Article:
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China's first aircraft carrier: An instant guide
Is China's new aircraft carrier simply a training facility — or a military threat?
 
A spokesman for the China Defense Ministry announces the country's first aircraft carrier, which some commentators see as a symbol of China's unnerving military ambitions.
A spokesman for the China Defense Ministry announces the country's first aircraft carrier, which some commentators see as a symbol of China's unnerving military ambitions.
REUTERS/China Daily

China's first aircraft carrier began sea trials this week, a watershed moment in the country's rapid military growth. The still-unnamed ship is a repurposed Soviet-era aircraft carrier that China purchased from the Ukraine in 1998. Though some experts are concerned that China's long-term strategy is to challenge U.S. military supremacy in Asia and elsewhere, China has repeatedly demurred, saying the ship will serve primarily for training purposes. International defense experts, however, aren't convinced. Here's what you should know:

Do many other nations have aircraft carriers?
Yes, including some that aren't recognized as military powers. "India, Thailand, Brazil, and Italy all have aircraft carriers, too", says David Millar at The Huffington Post. "Yet no one fears Rome or Bangkok taking over the world anytime soon." Indeed, "there should be no excessive worries or paranoid feelings on China's pursuit of an aircraft carrier, as it will not pose a threat to other countries," says China's state-run Xinhua news agency.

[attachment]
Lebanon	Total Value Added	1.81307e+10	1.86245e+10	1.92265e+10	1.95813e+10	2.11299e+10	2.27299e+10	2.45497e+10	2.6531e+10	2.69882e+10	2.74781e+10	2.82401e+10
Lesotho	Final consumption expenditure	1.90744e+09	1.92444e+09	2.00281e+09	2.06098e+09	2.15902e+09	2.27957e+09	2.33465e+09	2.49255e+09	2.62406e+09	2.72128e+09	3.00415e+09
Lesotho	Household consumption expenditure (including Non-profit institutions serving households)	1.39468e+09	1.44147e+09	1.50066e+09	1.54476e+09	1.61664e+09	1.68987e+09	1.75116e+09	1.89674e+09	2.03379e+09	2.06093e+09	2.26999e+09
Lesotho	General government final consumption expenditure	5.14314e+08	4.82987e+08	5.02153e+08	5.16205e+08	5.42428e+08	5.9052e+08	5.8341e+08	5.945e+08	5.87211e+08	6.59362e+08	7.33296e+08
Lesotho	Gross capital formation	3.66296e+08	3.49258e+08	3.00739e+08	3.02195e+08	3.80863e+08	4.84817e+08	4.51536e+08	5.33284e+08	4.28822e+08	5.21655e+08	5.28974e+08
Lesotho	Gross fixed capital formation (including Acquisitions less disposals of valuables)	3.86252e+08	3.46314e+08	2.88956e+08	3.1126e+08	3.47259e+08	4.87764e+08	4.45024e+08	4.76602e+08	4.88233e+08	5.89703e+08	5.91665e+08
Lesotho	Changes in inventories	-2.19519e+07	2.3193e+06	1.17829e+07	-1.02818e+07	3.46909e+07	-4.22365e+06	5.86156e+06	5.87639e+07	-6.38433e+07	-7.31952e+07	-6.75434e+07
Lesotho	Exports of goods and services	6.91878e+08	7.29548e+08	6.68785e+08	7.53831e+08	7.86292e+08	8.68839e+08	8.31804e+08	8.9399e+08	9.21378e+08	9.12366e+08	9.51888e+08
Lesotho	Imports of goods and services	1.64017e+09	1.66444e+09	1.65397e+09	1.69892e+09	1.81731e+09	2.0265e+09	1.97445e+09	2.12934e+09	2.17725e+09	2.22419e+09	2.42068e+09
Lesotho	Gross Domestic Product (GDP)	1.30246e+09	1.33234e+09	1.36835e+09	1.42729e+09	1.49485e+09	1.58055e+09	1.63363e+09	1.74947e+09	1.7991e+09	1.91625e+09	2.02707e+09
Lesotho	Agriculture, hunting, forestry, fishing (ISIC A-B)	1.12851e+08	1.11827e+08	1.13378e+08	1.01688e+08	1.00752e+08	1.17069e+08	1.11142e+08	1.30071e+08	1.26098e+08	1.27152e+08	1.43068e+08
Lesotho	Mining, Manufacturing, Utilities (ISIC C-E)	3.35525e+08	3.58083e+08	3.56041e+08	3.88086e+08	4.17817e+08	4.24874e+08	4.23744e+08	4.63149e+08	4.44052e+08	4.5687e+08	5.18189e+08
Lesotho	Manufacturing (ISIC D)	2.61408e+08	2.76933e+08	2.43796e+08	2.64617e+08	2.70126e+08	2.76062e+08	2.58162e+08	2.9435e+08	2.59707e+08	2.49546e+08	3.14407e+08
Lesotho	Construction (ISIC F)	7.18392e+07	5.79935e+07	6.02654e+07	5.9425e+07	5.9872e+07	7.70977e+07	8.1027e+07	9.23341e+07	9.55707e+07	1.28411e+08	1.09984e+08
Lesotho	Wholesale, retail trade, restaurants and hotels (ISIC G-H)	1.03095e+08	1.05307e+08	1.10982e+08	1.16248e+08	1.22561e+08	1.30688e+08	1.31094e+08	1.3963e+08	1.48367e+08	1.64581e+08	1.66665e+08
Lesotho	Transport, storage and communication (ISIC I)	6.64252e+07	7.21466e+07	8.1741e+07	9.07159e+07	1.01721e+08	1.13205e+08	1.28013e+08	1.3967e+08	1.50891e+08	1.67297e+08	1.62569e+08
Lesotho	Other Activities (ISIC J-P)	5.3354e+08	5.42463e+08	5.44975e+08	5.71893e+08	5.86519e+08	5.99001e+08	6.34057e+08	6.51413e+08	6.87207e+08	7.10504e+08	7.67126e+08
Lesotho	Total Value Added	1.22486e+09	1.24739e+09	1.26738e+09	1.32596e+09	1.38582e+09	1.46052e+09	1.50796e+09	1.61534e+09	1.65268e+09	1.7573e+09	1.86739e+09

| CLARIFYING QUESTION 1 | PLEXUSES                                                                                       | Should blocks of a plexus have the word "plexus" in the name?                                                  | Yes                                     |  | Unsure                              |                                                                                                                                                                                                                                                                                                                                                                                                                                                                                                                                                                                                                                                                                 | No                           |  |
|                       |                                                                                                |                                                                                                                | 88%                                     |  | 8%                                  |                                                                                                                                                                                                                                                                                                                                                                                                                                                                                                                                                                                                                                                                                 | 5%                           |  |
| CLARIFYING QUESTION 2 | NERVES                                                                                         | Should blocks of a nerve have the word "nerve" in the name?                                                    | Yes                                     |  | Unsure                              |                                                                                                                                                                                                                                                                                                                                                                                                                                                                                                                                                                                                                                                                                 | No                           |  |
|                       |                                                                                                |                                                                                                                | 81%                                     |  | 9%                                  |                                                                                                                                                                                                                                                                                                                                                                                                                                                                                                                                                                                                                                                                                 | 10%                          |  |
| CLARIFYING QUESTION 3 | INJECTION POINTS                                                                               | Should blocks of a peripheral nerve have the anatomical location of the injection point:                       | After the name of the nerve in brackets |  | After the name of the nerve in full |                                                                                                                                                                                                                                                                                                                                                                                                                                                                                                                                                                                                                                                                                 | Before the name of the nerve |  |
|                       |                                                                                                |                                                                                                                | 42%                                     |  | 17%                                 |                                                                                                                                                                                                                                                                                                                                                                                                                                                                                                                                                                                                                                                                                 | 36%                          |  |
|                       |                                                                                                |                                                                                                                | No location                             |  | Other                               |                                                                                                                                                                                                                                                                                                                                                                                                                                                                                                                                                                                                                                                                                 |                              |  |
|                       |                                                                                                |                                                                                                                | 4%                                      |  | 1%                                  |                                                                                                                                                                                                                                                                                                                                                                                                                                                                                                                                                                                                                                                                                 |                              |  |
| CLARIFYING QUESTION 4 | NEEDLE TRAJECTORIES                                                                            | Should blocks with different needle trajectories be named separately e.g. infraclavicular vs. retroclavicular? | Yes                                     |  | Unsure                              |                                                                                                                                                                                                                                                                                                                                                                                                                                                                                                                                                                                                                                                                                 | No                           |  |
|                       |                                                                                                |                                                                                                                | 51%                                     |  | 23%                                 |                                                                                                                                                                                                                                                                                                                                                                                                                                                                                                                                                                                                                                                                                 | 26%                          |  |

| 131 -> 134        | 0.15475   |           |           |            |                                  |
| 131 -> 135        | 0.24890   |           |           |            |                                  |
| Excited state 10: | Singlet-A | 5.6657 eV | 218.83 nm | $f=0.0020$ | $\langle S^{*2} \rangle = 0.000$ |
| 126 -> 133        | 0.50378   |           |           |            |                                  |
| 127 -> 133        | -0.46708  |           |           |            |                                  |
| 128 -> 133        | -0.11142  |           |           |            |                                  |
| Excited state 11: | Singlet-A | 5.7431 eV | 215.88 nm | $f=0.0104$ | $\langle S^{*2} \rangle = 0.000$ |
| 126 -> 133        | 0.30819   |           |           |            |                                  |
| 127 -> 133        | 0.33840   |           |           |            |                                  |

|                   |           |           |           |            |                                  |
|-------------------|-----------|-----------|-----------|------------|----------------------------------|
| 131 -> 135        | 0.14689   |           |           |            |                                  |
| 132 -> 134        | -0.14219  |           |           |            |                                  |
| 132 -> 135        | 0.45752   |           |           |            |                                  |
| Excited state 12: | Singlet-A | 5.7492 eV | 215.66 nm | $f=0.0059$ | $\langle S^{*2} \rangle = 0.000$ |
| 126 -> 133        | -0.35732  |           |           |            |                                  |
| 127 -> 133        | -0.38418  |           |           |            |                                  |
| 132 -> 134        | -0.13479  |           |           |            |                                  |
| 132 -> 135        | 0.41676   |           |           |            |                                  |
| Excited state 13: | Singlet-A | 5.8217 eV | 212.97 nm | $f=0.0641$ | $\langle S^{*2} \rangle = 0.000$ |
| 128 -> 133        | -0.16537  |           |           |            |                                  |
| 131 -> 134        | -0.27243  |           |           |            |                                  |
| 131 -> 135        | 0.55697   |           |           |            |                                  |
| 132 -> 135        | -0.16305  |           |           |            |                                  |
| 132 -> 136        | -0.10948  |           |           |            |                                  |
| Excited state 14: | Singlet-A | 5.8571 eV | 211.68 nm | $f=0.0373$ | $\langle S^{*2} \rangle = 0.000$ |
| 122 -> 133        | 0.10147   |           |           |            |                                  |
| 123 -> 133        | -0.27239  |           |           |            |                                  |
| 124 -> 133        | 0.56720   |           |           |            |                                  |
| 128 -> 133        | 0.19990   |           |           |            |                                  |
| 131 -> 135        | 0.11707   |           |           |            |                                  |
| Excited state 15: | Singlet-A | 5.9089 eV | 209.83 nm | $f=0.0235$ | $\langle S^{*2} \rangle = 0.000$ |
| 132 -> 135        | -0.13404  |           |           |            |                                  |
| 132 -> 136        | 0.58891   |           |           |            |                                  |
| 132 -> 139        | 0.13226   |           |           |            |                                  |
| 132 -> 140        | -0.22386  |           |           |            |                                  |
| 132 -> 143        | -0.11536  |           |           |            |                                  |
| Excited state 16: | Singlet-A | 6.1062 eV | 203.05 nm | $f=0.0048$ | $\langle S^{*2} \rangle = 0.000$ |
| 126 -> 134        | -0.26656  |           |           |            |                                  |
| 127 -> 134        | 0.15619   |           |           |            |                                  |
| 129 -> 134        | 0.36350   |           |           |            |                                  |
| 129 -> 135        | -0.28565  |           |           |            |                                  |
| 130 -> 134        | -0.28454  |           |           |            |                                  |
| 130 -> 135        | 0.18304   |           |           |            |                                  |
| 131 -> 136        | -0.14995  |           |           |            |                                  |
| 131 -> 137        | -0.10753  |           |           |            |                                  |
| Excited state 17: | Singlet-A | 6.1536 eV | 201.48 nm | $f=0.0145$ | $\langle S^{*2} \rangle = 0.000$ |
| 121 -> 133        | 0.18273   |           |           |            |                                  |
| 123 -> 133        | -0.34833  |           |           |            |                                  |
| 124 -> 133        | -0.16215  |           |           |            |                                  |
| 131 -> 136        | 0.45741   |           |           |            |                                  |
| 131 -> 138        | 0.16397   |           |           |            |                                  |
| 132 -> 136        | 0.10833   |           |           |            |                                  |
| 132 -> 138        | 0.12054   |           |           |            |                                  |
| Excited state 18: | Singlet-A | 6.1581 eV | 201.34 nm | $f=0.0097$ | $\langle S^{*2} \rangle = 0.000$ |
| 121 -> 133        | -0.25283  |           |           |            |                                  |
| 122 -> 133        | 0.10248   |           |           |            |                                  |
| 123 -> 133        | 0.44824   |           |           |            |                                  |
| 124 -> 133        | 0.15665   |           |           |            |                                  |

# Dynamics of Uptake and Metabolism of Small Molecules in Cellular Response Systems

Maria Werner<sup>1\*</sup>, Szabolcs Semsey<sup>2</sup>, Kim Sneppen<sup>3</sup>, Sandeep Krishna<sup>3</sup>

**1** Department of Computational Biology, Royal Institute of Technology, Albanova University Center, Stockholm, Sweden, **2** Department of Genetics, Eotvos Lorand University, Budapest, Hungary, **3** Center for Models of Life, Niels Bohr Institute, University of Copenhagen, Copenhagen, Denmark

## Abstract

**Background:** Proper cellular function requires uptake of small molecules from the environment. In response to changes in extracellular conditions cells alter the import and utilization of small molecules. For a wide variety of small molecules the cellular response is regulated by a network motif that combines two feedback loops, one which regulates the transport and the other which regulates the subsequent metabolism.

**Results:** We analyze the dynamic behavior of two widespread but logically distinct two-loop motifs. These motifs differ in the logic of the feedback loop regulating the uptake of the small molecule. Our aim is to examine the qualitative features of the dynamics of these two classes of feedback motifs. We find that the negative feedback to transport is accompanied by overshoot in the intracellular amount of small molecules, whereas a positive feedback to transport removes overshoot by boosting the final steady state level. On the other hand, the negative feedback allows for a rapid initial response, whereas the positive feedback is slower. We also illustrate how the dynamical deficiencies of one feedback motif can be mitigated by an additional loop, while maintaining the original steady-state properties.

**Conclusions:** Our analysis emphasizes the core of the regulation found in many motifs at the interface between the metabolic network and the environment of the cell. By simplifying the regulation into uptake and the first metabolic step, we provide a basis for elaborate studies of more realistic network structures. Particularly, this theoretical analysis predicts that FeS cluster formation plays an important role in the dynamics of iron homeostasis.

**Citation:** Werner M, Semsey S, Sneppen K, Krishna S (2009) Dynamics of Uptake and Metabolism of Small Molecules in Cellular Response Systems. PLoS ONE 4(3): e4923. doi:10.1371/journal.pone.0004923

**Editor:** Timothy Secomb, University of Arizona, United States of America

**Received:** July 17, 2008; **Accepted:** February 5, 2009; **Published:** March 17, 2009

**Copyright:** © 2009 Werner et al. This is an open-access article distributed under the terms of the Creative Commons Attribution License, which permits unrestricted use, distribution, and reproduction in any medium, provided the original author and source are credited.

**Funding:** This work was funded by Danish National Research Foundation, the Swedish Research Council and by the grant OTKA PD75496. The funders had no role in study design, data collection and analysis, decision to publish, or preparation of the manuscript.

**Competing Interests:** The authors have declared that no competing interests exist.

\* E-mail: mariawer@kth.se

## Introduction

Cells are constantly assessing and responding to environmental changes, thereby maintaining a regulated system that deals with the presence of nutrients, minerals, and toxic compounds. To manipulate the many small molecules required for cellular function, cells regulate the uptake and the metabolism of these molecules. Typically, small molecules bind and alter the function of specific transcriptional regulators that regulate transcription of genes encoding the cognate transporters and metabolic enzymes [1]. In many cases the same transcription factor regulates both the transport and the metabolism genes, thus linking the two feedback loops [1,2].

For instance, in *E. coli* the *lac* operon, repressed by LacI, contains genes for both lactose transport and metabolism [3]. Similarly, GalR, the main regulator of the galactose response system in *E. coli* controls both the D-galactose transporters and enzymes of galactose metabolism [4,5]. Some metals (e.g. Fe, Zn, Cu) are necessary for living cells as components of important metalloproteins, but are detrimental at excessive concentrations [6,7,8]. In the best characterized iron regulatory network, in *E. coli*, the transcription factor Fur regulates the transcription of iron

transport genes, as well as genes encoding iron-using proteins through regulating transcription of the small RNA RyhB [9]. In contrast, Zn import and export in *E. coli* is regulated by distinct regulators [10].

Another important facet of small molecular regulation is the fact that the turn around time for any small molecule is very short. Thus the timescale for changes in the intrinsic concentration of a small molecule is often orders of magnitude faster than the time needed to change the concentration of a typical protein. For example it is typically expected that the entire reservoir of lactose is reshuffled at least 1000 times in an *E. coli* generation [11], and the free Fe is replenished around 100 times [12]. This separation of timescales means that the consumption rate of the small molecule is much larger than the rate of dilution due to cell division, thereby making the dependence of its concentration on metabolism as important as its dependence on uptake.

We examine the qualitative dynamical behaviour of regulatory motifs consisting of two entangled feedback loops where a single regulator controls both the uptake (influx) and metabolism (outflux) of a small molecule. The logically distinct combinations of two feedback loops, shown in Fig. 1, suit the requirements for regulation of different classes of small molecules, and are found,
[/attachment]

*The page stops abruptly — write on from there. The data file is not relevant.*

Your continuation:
Does China need an aircraft carrier?
Not everyone thinks so. "We would welcome any kind of explanation that China would like to give for needing this kind of equipment," says U.S. State Department official Victoria Nuland, as quoted by ABC News. "We are prepared to be extremely transparent with regard to U.S. military positions and equipment, and we'd like to have a reciprocal relationship with China. Transparency in itself is a confidence-builder between nations."

Is China being secretive?
It seems that way. When a Hong Kong-based travel company (a rather mysterious outfit that commentators believe was acting on behalf of the government) bought the aging and gutted aircraft carrier for a mere $20 million in 1998, it promised to turn it into a floating casino in Macao. Eyebrows were raised, however, after the ship was towed not to Macao but to Dalian — home of the Dalian Naval Academy and a center of Chinese naval manufacturing. The cloak of secrecy, and the frequent denials from Chinese officials, suggest they have an agenda at odds with Beijing's professed diplomatic intentions.

Is this ship a real threat?
The aircraft carrier, which isn't combat-ready at this point, is more of a symbolic threat than a real one. "China is a very long way from creating an operational carrier battle group," says Peter Foster in Britain's Telegraph. Defense analysts estimate it will be decades before China can compete with even one of America’s 11 Nimitz-class carriers. China's new aircraft carrier is meaningful because of the growing Chinese military ambitions that it represents.

What are China's long-term military goals?
They're not saying, but China is embroiled in a number of territorial disputes with its Asian neighbors, including Japan. A 2010 collision between a Chinese fishing boat and Japanese coast guard boats near the disputed Senkaku Islands caused a major diplomatic showdown. There have also been several "maritime incidents between Chinese and Vietnamese survey boats," says Britain's Guardian. Chinese engineers have helped to construct shipping facilities at ports in Burma, Sri Lanka, and Pakistan — suggesting that China is keen to become the dominant military player throughout Asia. 

Sources: ABCNews.com, Guardian, Huff. Post, Telegraph, Wall Street Journal

 

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